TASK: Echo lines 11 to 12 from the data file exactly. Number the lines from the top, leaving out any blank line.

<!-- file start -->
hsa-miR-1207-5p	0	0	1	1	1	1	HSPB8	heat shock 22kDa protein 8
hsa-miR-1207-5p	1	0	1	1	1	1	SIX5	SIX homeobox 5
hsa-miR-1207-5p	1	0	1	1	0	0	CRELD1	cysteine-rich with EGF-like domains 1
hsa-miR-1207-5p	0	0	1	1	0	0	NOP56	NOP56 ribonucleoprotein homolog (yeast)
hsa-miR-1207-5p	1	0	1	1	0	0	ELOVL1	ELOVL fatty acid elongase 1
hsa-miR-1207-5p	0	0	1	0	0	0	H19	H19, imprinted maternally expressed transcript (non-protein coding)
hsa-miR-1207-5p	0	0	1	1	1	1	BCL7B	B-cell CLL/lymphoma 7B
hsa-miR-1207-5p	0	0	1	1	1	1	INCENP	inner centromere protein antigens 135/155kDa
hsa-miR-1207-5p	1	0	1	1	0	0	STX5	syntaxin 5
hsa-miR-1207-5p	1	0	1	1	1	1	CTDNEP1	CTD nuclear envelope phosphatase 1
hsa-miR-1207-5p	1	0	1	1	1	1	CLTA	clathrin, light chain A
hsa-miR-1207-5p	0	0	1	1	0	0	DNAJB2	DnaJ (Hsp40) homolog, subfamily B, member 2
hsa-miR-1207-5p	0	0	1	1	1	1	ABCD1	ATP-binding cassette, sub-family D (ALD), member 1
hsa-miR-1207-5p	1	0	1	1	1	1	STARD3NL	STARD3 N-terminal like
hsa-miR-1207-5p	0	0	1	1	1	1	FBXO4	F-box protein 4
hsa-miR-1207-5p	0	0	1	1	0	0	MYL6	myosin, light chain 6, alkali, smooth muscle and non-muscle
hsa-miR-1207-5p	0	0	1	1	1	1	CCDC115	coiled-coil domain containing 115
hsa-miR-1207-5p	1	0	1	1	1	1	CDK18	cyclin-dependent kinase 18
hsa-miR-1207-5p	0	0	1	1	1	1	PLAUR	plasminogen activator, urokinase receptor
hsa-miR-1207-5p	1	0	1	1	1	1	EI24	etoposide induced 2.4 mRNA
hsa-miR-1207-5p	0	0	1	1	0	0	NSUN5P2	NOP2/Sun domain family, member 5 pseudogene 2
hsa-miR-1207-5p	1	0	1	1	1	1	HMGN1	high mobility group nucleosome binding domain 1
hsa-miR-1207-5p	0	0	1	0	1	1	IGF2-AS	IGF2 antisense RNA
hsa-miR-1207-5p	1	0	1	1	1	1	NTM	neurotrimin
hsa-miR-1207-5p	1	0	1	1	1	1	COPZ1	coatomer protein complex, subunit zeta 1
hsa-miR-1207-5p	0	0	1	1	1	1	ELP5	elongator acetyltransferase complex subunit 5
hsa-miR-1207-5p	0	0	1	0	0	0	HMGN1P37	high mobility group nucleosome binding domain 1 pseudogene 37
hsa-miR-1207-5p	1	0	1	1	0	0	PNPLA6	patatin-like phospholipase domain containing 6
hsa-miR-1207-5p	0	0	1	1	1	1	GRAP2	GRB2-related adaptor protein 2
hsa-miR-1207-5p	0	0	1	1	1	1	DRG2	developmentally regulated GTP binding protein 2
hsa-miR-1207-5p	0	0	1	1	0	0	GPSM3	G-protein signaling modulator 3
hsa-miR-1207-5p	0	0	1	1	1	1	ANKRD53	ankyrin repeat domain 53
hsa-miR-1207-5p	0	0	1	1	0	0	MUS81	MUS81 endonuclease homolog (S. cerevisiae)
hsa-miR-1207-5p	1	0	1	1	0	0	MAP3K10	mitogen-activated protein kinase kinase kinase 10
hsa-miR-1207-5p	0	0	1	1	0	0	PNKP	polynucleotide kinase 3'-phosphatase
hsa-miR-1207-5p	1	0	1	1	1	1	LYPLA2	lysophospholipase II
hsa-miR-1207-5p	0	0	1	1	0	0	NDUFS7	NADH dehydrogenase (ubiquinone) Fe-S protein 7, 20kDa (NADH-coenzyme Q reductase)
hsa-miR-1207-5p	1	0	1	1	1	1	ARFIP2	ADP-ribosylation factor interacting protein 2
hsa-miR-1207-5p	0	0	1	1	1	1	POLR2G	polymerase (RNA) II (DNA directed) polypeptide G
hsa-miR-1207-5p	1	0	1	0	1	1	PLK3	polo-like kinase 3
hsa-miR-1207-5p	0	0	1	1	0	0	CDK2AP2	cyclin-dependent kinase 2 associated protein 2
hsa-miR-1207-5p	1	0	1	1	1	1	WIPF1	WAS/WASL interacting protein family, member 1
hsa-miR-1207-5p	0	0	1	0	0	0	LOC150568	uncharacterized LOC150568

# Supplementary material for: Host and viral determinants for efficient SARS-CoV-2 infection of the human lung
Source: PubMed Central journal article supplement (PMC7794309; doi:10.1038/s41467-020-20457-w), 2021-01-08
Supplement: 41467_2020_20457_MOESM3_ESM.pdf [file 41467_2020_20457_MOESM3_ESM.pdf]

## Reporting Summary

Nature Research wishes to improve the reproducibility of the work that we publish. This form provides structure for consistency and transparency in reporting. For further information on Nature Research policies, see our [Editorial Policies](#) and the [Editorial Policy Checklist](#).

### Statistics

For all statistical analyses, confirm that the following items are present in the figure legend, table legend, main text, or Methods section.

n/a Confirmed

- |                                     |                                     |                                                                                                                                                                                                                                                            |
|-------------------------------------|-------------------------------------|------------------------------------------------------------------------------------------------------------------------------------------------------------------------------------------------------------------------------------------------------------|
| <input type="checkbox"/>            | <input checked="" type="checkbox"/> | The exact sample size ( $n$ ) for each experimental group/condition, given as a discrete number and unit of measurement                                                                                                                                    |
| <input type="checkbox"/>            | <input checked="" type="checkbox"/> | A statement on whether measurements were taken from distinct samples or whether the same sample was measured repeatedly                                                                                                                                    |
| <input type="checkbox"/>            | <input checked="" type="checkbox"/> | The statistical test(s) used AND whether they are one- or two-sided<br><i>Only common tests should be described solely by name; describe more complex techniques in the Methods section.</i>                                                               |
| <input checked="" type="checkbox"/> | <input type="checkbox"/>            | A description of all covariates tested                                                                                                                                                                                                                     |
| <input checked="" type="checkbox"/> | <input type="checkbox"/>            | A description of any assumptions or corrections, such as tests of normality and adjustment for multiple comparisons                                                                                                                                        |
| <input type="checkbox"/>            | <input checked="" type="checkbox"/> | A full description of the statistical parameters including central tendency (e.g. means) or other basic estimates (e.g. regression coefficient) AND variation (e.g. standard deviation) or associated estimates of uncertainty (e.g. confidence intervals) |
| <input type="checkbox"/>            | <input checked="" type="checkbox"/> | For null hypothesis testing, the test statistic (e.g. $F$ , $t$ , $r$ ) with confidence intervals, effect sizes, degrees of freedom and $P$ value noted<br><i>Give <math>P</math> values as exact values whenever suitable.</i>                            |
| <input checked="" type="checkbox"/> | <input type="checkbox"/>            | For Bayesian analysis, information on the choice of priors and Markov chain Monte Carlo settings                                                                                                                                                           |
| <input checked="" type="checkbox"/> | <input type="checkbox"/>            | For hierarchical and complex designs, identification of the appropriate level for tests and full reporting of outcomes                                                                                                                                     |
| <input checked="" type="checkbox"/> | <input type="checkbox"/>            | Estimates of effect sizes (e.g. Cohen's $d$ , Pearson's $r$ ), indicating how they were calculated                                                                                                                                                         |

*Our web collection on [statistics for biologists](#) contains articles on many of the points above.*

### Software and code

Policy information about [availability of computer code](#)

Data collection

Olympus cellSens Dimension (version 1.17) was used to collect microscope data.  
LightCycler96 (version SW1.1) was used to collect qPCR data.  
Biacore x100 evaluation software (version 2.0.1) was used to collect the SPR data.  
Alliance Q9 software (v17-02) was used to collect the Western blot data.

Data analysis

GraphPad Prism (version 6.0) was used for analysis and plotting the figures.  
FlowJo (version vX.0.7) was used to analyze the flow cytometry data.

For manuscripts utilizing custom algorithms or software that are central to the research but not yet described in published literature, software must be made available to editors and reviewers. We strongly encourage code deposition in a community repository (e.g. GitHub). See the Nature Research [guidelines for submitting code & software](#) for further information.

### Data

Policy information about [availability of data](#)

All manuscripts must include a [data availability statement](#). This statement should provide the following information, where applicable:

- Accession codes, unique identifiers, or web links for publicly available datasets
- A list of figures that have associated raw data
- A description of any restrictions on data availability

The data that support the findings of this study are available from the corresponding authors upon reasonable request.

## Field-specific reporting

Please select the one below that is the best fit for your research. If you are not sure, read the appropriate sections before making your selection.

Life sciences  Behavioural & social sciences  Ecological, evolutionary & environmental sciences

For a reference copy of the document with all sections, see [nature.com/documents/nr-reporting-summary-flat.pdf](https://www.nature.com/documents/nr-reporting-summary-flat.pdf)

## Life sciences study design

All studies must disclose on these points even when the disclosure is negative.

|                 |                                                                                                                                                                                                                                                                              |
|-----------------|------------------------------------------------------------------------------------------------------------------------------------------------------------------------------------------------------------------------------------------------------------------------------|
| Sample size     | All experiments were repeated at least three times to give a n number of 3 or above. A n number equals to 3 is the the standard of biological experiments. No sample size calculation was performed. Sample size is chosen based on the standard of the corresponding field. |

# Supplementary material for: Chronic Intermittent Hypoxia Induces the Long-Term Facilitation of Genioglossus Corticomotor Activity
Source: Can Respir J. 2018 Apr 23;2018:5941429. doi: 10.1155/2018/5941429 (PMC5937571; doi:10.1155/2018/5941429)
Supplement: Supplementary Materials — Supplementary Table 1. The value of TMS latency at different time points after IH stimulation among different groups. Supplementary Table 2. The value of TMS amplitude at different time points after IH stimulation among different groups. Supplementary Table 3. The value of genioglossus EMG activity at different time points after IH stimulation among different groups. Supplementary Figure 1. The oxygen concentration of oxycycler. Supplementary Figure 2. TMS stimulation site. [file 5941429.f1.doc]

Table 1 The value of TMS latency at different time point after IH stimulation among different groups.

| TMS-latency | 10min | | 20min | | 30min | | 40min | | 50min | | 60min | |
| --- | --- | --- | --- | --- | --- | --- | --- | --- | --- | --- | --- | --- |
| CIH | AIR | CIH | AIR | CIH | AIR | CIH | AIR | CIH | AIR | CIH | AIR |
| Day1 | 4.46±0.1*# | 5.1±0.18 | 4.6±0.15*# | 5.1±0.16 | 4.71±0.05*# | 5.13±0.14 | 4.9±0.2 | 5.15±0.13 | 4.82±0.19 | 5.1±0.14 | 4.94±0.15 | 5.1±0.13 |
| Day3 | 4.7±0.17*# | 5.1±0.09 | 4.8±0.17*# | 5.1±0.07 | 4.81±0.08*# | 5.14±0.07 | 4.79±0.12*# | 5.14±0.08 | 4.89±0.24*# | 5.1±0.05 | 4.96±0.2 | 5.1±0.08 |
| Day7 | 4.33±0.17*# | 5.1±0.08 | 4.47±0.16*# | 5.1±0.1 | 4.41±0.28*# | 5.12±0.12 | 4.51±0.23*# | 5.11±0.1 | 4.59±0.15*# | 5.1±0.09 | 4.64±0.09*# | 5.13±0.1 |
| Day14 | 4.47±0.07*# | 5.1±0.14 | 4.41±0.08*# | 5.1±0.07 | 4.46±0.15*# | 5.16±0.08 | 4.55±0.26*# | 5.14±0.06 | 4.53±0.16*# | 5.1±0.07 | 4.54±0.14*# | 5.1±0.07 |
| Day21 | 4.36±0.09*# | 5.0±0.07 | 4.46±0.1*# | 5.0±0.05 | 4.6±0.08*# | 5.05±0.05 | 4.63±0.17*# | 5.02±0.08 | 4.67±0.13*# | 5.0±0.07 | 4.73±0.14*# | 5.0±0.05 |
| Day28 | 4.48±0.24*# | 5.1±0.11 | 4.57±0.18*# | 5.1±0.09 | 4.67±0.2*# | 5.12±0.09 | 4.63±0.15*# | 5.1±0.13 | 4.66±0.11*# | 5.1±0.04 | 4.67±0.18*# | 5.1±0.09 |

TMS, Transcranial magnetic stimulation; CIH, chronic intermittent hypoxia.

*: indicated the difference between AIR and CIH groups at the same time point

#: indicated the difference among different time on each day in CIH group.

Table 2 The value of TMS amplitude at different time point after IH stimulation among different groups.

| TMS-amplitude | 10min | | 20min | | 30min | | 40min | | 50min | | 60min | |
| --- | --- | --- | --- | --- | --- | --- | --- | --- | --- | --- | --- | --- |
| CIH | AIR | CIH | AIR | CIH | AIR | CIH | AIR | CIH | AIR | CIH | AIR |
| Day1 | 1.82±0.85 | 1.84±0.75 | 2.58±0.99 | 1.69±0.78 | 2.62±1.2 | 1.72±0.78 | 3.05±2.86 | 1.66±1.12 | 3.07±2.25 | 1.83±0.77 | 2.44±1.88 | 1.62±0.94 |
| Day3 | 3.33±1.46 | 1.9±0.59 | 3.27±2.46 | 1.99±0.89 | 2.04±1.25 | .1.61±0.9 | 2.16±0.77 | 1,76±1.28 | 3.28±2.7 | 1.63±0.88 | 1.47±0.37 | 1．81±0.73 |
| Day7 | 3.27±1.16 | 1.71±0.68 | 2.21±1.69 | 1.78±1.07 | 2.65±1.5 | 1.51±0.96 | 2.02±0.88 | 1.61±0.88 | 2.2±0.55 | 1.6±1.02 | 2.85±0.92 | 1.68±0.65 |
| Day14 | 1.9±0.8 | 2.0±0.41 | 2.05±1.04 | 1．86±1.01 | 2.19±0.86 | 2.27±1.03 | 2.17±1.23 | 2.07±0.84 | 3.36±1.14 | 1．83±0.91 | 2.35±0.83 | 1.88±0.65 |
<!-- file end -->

hsa-miR-1207-5p	1	0	1	1	1	1	CLTA	clathrin, light chain A
hsa-miR-1207-5p	0	0	1	1	0	0	DNAJB2	DnaJ (Hsp40) homolog, subfamily B, member 2